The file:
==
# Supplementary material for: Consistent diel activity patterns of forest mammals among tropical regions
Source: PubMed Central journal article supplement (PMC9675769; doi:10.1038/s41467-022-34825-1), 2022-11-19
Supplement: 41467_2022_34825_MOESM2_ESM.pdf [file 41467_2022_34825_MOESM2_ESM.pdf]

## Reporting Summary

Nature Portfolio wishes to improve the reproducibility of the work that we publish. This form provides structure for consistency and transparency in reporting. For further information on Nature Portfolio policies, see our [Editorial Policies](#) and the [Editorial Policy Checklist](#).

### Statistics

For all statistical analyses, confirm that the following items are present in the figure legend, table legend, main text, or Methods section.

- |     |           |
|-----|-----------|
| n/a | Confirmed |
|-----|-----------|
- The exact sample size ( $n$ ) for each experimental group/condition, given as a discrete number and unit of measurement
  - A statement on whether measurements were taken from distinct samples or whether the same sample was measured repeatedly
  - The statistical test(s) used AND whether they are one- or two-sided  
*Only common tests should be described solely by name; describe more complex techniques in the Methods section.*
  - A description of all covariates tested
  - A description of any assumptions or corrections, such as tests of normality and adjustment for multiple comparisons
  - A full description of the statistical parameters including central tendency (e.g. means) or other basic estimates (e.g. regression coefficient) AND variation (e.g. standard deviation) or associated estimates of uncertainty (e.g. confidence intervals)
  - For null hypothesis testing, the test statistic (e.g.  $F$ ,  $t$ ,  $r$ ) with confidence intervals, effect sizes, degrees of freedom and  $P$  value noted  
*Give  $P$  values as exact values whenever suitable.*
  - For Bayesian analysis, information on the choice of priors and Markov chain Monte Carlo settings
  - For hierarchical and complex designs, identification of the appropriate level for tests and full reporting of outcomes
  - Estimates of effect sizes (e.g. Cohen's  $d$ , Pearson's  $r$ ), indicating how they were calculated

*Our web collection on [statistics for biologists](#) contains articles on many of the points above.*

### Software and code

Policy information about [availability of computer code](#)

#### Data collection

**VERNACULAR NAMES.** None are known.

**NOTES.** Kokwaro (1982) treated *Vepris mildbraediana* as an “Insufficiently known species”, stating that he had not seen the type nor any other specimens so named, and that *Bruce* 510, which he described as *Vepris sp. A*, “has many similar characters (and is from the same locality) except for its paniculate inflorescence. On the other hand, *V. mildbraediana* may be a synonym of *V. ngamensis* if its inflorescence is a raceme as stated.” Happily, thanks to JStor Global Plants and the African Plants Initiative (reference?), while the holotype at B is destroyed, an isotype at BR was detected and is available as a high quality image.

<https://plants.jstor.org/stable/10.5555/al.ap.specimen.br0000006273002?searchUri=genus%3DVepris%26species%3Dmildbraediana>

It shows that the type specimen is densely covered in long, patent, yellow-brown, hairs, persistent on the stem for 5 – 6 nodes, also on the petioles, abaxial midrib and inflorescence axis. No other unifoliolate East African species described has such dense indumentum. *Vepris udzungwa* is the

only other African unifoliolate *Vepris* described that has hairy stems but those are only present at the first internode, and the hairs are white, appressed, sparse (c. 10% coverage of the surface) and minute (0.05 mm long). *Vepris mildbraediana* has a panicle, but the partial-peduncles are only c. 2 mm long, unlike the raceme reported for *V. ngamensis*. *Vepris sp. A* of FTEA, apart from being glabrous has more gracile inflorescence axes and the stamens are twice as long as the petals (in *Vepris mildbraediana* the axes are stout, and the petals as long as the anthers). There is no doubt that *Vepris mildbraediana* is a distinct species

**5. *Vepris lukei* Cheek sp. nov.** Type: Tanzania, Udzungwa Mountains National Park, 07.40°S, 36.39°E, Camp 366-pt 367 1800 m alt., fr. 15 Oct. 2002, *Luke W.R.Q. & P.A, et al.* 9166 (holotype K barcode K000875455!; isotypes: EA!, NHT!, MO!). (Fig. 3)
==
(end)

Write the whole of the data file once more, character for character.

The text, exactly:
# Supplementary material for: Consistent diel activity patterns of forest mammals among tropical regions
Source: PubMed Central journal article supplement (PMC9675769; doi:10.1038/s41467-022-34825-1), 2022-11-19
Supplement: 41467_2022_34825_MOESM2_ESM.pdf [file 41467_2022_34825_MOESM2_ESM.pdf]

## Reporting Summary

Nature Portfolio wishes to improve the reproducibility of the work that we publish. This form provides structure for consistency and transparency in reporting. For further information on Nature Portfolio policies, see our [Editorial Policies](#) and the [Editorial Policy Checklist](#).

### Statistics

For all statistical analyses, confirm that the following items are present in the figure legend, table legend, main text, or Methods section.

- |     |           |
|-----|-----------|
| n/a | Confirmed |
|-----|-----------|
- The exact sample size ( $n$ ) for each experimental group/condition, given as a discrete number and unit of measurement
  - A statement on whether measurements were taken from distinct samples or whether the same sample was measured repeatedly
  - The statistical test(s) used AND whether they are one- or two-sided  
*Only common tests should be described solely by name; describe more complex techniques in the Methods section.*
  - A description of all covariates tested
  - A description of any assumptions or corrections, such as tests of normality and adjustment for multiple comparisons
  - A full description of the statistical parameters including central tendency (e.g. means) or other basic estimates (e.g. regression coefficient) AND variation (e.g. standard deviation) or associated estimates of uncertainty (e.g. confidence intervals)
  - For null hypothesis testing, the test statistic (e.g.  $F$ ,  $t$ ,  $r$ ) with confidence intervals, effect sizes, degrees of freedom and  $P$  value noted  
*Give  $P$  values as exact values whenever suitable.*
  - For Bayesian analysis, information on the choice of priors and Markov chain Monte Carlo settings
  - For hierarchical and complex designs, identification of the appropriate level for tests and full reporting of outcomes
  - Estimates of effect sizes (e.g. Cohen's  $d$ , Pearson's  $r$ ), indicating how they were calculated

*Our web collection on [statistics for biologists](#) contains articles on many of the points above.*

### Software and code

Policy information about [availability of computer code](#)

#### Data collection

**VERNACULAR NAMES.** None are known.

**NOTES.** Kokwaro (1982) treated *Vepris mildbraediana* as an “Insufficiently known species”, stating that he had not seen the type nor any other specimens so named, and that *Bruce* 510, which he described as *Vepris sp. A*, “has many similar characters (and is from the same locality) except for its paniculate inflorescence. On the other hand, *V. mildbraediana* may be a synonym of *V. ngamensis* if its inflorescence is a raceme as stated.” Happily, thanks to JStor Global Plants and the African Plants Initiative (reference?), while the holotype at B is destroyed, an isotype at BR was detected and is available as a high quality image.

<https://plants.jstor.org/stable/10.5555/al.ap.specimen.br0000006273002?searchUri=genus%3DVepris%26species%3Dmildbraediana>

It shows that the type specimen is densely covered in long, patent, yellow-brown, hairs, persistent on the stem for 5 – 6 nodes, also on the petioles, abaxial midrib and inflorescence axis. No other unifoliolate East African species described has such dense indumentum. *Vepris udzungwa* is the

only other African unifoliolate *Vepris* described that has hairy stems but those are only present at the first internode, and the hairs are white, appressed, sparse (c. 10% coverage of the surface) and minute (0.05 mm long). *Vepris mildbraediana* has a panicle, but the partial-peduncles are only c. 2 mm long, unlike the raceme reported for *V. ngamensis*. *Vepris sp. A* of FTEA, apart from being glabrous has more gracile inflorescence axes and the stamens are twice as long as the petals (in *Vepris mildbraediana* the axes are stout, and the petals as long as the anthers). There is no doubt that *Vepris mildbraediana* is a distinct species

**5. *Vepris lukei* Cheek sp. nov.** Type: Tanzania, Udzungwa Mountains National Park, 07.40°S, 36.39°E, Camp 366-pt 367 1800 m alt., fr. 15 Oct. 2002, *Luke W.R.Q. & P.A, et al.* 9166 (holotype K barcode K000875455!; isotypes: EA!, NHT!, MO!). (Fig. 3)